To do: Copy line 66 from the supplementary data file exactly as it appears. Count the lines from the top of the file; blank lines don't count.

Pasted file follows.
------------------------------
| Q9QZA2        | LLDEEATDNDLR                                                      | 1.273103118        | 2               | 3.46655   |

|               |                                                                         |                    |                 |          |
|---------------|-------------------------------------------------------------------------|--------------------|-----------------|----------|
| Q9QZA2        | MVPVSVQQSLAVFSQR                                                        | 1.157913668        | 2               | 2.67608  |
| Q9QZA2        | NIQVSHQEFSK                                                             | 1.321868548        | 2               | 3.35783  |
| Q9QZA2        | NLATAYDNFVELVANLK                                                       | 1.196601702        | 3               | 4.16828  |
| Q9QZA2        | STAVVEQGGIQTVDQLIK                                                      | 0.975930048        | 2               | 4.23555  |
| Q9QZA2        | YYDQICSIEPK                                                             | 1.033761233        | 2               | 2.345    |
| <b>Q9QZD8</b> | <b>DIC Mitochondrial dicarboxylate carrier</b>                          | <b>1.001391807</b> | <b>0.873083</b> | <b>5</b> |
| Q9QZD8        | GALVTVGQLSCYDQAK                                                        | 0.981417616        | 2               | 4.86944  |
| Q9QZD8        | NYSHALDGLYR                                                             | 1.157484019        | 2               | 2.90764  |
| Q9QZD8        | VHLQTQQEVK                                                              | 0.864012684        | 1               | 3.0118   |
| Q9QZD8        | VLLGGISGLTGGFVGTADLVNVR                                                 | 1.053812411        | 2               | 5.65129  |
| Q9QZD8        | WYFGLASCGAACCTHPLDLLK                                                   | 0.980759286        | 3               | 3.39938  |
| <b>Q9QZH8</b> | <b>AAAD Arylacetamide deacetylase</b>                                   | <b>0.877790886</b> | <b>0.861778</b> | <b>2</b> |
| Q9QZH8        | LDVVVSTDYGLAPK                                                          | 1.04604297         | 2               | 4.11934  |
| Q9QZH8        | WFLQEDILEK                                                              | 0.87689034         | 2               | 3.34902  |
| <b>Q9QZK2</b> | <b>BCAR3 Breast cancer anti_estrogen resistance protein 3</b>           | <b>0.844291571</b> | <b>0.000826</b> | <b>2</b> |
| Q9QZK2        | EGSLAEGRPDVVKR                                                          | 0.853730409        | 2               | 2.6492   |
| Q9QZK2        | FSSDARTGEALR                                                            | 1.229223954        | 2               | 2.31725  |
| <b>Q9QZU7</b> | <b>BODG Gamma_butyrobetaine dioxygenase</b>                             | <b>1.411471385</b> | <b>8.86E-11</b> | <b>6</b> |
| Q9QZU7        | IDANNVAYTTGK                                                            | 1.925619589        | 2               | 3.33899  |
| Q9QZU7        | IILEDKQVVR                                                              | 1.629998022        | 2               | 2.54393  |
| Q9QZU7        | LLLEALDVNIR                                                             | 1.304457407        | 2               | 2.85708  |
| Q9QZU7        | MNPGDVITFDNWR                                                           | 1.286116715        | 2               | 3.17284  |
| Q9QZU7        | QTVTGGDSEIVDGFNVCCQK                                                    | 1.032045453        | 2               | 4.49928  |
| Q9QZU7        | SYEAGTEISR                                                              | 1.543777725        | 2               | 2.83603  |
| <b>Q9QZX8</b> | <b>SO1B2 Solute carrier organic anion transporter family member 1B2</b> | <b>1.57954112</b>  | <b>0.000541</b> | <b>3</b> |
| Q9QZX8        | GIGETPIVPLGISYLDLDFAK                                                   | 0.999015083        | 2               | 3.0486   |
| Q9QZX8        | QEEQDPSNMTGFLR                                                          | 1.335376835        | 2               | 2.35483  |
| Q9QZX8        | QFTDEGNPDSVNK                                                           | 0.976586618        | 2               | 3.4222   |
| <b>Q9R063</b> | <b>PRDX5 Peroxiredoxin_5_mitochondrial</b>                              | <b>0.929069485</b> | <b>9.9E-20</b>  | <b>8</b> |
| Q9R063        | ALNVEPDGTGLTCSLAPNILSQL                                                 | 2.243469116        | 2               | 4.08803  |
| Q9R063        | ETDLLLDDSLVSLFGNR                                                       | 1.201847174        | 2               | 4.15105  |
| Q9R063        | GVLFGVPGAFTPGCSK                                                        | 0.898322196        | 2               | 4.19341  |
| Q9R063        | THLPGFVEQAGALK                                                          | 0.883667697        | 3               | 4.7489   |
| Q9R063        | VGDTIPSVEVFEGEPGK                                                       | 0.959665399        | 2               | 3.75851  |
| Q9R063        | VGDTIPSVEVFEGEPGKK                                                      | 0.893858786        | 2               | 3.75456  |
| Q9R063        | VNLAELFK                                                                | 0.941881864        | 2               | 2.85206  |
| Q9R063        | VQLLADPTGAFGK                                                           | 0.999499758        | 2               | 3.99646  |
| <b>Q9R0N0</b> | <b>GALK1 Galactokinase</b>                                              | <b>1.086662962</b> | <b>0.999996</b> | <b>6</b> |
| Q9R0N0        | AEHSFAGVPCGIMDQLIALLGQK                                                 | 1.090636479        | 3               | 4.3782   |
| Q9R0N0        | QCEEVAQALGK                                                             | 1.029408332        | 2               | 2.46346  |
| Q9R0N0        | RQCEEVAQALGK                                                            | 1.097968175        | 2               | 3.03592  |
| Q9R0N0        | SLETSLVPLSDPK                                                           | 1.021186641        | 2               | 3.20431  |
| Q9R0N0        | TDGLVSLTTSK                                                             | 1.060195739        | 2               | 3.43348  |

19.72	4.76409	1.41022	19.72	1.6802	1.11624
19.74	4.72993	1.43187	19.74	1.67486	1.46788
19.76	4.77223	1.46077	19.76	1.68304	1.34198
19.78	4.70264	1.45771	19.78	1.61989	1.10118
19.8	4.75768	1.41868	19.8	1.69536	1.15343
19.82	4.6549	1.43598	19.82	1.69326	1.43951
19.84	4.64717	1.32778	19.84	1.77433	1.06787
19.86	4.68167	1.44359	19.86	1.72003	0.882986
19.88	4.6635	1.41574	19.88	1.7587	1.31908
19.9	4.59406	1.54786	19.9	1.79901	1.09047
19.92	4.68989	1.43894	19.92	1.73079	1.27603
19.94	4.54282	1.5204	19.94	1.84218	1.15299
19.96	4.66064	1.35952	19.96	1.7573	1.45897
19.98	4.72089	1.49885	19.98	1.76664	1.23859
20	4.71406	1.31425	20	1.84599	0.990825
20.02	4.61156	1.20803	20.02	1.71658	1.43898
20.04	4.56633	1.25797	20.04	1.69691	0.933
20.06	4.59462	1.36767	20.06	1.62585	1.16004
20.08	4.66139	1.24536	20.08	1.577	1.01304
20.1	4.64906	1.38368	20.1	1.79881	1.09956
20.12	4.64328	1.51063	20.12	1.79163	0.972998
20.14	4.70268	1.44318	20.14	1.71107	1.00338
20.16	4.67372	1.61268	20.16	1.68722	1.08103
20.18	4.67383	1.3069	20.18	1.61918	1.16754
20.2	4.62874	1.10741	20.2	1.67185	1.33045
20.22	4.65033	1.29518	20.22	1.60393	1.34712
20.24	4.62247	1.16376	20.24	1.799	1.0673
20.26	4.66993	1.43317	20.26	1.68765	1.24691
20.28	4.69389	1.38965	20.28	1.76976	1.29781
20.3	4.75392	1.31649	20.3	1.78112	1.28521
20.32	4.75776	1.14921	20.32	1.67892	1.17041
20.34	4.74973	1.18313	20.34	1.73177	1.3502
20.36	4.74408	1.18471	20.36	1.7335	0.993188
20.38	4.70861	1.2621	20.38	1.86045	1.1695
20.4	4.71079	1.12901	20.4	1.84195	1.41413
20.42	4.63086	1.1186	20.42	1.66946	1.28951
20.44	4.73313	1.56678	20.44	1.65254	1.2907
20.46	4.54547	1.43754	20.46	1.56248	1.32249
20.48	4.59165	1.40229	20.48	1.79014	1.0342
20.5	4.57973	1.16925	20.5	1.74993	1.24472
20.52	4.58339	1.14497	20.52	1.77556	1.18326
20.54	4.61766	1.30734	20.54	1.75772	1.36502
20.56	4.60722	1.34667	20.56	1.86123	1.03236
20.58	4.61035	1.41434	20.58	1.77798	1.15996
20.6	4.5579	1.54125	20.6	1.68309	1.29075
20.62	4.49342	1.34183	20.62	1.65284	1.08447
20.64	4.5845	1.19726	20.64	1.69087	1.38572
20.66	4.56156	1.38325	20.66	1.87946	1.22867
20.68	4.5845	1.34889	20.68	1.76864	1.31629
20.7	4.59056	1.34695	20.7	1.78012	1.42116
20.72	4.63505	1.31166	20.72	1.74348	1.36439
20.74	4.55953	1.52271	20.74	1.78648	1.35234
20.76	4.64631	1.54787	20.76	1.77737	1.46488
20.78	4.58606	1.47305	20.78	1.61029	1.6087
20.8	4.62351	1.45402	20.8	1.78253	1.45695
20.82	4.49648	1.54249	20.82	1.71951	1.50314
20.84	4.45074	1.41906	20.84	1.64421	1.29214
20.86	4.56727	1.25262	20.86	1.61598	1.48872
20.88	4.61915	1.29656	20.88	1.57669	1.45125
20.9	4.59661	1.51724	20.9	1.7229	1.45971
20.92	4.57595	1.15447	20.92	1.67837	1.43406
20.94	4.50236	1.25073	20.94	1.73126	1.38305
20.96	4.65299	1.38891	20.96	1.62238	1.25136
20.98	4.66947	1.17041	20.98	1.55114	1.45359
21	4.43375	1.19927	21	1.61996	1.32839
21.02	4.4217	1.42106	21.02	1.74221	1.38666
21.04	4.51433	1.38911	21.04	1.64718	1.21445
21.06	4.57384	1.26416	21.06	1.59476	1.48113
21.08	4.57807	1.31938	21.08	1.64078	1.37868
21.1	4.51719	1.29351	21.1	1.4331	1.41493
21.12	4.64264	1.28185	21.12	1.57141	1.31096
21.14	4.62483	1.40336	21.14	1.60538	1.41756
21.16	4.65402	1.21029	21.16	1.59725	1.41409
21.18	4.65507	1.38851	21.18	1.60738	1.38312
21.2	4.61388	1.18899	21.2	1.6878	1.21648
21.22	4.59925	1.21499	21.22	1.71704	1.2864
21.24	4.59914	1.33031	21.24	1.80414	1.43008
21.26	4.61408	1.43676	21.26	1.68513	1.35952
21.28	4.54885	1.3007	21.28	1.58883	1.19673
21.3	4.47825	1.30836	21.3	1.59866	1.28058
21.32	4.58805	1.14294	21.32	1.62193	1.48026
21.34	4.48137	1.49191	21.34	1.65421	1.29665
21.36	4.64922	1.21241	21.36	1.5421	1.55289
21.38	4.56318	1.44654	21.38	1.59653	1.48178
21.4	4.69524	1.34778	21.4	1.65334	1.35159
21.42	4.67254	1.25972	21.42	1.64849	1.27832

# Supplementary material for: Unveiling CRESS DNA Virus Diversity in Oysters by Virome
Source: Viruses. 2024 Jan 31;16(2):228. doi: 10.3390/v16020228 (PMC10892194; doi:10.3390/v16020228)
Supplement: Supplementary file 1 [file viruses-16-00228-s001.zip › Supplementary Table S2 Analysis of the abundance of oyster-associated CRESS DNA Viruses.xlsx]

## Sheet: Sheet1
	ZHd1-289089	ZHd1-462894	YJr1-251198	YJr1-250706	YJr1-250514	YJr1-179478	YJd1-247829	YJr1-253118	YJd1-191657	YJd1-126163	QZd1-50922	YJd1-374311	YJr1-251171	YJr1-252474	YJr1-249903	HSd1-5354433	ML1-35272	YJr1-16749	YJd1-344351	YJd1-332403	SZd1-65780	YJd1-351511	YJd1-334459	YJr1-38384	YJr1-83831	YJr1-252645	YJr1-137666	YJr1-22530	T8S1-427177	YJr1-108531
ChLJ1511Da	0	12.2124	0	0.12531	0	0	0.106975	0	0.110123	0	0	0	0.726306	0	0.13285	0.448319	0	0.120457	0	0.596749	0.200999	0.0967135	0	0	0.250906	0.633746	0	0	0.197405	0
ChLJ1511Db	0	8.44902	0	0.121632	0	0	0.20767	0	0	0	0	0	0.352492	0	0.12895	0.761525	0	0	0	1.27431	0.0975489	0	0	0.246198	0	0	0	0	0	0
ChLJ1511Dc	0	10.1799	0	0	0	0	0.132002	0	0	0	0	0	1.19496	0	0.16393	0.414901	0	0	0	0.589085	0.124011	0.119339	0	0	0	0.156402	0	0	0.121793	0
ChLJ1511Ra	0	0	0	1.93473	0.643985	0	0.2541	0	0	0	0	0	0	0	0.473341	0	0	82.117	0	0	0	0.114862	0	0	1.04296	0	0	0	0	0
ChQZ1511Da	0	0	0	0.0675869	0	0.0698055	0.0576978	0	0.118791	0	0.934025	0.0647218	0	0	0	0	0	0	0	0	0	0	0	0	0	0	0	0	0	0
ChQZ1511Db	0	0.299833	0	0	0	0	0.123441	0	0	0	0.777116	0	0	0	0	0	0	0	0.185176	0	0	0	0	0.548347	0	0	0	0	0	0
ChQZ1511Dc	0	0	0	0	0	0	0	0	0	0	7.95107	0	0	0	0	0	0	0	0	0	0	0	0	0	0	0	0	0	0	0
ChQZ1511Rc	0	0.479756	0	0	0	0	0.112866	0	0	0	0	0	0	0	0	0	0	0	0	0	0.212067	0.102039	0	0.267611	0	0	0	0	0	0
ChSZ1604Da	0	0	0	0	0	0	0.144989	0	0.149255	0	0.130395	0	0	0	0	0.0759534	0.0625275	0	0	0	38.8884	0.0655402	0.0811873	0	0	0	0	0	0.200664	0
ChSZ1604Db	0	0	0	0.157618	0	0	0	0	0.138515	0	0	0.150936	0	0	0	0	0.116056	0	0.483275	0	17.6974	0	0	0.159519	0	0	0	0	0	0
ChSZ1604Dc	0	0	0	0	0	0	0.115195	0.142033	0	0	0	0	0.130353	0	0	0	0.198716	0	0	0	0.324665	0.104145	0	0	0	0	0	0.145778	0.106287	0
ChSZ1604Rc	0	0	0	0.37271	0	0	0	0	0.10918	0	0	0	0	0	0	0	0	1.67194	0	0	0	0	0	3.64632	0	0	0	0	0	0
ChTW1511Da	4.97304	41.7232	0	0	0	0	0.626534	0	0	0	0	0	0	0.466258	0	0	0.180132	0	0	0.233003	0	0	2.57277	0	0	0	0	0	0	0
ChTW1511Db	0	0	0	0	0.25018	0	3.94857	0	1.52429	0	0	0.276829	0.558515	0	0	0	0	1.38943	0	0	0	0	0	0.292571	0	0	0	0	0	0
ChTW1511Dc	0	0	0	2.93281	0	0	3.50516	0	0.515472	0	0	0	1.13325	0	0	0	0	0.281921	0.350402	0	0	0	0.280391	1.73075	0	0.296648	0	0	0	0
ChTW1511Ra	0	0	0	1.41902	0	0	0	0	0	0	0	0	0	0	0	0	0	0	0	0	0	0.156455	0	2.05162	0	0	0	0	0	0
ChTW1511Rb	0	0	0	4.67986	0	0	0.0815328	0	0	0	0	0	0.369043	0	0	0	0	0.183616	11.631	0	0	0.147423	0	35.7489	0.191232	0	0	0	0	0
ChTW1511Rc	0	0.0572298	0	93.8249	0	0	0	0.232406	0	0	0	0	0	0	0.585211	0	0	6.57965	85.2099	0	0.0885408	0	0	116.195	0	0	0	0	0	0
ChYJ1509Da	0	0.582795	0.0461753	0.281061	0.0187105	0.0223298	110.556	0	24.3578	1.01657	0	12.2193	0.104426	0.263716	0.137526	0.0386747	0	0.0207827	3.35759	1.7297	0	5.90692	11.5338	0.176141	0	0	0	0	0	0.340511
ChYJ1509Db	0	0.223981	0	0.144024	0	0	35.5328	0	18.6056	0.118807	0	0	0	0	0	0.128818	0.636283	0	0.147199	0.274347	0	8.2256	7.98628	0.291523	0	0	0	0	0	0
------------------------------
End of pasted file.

20.1	4.64906	1.38368	20.1	1.79881	1.09956